From the Emerald Isle
to the Copper Mines

Butte, Montana: Mining cottages in evening light.

By George Everett, Contributor
August / September 2000

A historical look at the Irish of Butte, Montana.


Marcus Daly, who became one of the richest men in the West, was born in 1841, in Ballyjamesduff, County Cavan, the youngest of 11 children of a farm family. At 15 he arrived in New York City with very little money and limited education. It took him five years to save enough money to buy passage to San Francisco where he had a sister. From there he headed to Nevada to work the Comstock Lode mine.

By 1871, Daly was in Ophir, Utah, working as a foreman for the Walker Brothers, a mine-owning, banking syndicate in Salt Lake City. In 1872 while Daly was inspecting a mine in Ophir with a Mr. Evans and his daughter Margaret, the young lady lost her footing and tumbled into Daly’s arms. Later that year they were married. Margaret was 18 and Daly was 30. The couple’s first two children, Margaret and Mary, were born in Ophir. A son Marcus and a third daughter Harriet were born in Butte, Montana, where in 1876 the Walkers sent Daly to investigate the Alice Silver Mine.

The young Irishman not only recommended purchase, he invested $5,000 of his own savings. He later sold out his interest for $30,000 and bought the Anaconda Silver Mine which geologists thought to be nearing exhaustion. The silver soon ran out but Daly sank a shaft into an unlikely spot and struck a vein of copper 50 feet wide. At first disappointed, Daly soon realized his luck and set about buying up the mineral rights around the area.

Marcus Daly: Butte’s copper king.

Thomas Edison had just completed the world’s first electric light power plant in New York City and copper was just coming into use for electricity and telegraph wire. Soon there was such a demand for copper that Daly built his own smelter. Previous to this the ore had been shipped to England for smelting. Soon he was rich beyond measure and was dubbed the “Copper King.”

Daly used his fortune to make vast improvements around Butte. He built power plants and irrigation stations, railroads and lumber mills. He built a town and one of the world’s tallest ore smelters and named them after his mine, Anaconda, which was also known as the “Never Sweat” mine because of its good ventilation. (Tourists can stay in the Marcus Daly Hotel in Anaconda today). Daly also built a beautiful mansion on 22,000 acres of land in the Bitterroot Valley across the mountains and away from the industrial chaos in Butte. The 24,213-square-foot mansion boasts 24 bedrooms, 15 bathrooms, and seven fireplaces.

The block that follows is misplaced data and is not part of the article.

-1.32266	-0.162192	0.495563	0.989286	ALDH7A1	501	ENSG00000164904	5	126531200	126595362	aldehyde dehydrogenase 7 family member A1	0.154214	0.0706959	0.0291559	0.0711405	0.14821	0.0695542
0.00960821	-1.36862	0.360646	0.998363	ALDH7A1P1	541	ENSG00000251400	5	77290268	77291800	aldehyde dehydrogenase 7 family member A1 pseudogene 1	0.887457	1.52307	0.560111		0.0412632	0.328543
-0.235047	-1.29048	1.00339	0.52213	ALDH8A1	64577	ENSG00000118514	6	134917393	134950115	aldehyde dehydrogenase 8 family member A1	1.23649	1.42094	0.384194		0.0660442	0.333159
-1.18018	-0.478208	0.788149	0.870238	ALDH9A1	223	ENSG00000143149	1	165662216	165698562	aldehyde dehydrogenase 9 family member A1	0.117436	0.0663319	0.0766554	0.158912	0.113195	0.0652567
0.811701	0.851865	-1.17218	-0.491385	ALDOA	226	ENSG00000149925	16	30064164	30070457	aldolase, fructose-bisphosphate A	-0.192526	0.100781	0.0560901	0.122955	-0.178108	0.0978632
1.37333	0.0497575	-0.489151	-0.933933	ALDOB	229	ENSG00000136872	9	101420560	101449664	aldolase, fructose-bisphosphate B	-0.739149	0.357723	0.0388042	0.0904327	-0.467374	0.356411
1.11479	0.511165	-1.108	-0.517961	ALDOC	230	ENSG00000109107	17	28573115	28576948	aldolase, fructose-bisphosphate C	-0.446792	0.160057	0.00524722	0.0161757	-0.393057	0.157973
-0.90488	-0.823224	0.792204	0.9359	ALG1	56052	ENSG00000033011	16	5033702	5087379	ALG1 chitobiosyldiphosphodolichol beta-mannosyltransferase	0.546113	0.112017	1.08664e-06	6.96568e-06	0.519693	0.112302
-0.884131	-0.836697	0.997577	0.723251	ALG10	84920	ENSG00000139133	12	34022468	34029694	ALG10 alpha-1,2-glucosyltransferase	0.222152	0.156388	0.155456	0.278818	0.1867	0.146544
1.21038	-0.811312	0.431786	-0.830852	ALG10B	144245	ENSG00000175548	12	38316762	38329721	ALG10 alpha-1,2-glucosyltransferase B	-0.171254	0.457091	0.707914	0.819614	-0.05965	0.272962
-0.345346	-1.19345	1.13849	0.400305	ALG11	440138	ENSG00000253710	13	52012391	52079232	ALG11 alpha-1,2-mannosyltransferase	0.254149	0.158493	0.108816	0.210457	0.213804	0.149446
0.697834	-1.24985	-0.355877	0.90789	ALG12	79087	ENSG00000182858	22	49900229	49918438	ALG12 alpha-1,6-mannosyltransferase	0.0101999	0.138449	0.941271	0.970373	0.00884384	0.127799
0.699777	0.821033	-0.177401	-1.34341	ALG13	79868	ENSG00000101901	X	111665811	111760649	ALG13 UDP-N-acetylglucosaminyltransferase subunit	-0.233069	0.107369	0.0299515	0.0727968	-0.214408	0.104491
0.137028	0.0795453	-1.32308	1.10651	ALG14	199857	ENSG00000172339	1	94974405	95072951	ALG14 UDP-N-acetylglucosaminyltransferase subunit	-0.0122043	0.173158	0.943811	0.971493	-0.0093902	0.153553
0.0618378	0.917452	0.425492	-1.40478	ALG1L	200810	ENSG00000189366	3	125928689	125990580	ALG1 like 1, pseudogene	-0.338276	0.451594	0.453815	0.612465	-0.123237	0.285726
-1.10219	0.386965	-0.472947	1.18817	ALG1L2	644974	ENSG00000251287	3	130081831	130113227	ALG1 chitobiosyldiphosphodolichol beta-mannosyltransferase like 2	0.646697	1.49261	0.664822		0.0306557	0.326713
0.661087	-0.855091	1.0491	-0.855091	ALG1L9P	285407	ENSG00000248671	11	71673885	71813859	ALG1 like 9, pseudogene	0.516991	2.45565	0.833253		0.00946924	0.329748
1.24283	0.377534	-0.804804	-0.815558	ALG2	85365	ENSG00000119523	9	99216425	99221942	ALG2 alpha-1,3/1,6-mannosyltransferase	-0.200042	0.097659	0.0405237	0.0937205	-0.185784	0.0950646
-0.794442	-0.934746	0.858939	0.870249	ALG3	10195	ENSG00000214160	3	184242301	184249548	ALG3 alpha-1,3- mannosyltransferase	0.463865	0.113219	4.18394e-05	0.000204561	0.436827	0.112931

Daly raised thoroughbred horses. He also dabbled in politics. A strong Democrat, he contributed heavily to the 1896 campaign of Populist William Jennings Bryan while simultaneously trying to quash the political aspirations of his rival in the copper mines William Andrews Clark, who was married to his wife’s sister.

Word of Daly’s fame and fortune drew other Irish to Montana. Despite the bitterly cold winters and the remoteness of the location, Butte presented a rare opportunity – a place to start anew where work could be found and at high wages, too. Daly paid $3.50 a day, almost twice what industrial workers made in other parts of the country.

The Irish were joined by other immigrants drawn by the promise of work, but even as others arrived the Irish dominated the town. One story describes how an Arab rug merchant named Mohammed Akara legally changed his last name to Murphy “for business reasons.”

Most of Butte’s Irish were from County Cork but large numbers also came from Counties Mayo and Donegal. They shaped the city, settling in strong communities called Corktown and Dublin Gulch, close to the mines on the Hill. Gaelic was commonly heard on the streets and understood by most who heard it.

“Dublin Gulch” (foreground) housed most of the Irish immigrant miners that worked at the Anaconda Mine (background). (Photo courtesy of World Museum of Mining.)

According to David Emmons’ book The Butte Irish, by 1900 Butte had 12,000 residents of Irish descent in a population of 47,635. A quarter of the population was Irish, a higher percentage than in any other American city at the turn of the century, including Boston. Of 1,700 people who left the parish of Eyeries in County Cork between 1870 and 1915, 1,138 ended up in Butte. Members of 77 different Sullivan families left Castletownbere in Cork for Butte, which explains why in 1908 there were 1,200 Sullivans there. Butte was so Irish that de Valera stopped there twice on fundraising tours.

If Irish miners dug the ore below ground, they were also well represented at the top of Butte society. Cornelius “Con” Kelley, the son of Marcus Daly’s lifelong friend Jeremiah Kelley, became a brilliant lawyer who eventually rose to lead the Anaconda Company through labor unrest, strikes, slumps in copper prices, the Great Depression, and two world wars until he retired in 1955. Of him a biographer wrote, “He made Anaconda an industrial Gibraltar around which the business storms that dismayed others played in vain.”

Anaconda miners pictured with the tools of their trade – candles and sledgehammers. (Photo circa 1890-1900, courtesy World Museum of Mining.)

William McDowell came to Butte to manage the general office of the Anaconda Company for Marcus Daly and became successful in state politics serving twice as the Speaker of the House and two terms as lieutenant governor. In 1934 he was appointed the U.S. ambassador to the Republic of Ireland. He died in Dublin within a month of taking his post there.

Jeremiah J. Lynch was a district court judge with the more important role of leader of the Irish community in Butte. Born in Ballycrovane in County Cork, he came to Butte and worked a short while in the mines and then as a bartender. He was elected as judge in the state district court in 1906 and he often used his chambers to host committee meetings of various Irish associations of which he was a leading member. These included the Ancient Order of Hibernians, the Robert Emmett Literary Association, the Irish National Alliance, the Gaelic Athletic Association, the Hibernian Rifles, the Friends of Irish Freedom, and the American Association for the Recognition of the Irish Republic. He was a co-founder of the Friendly Sons of St. Patrick, a fraternal organization that endures in Butte today.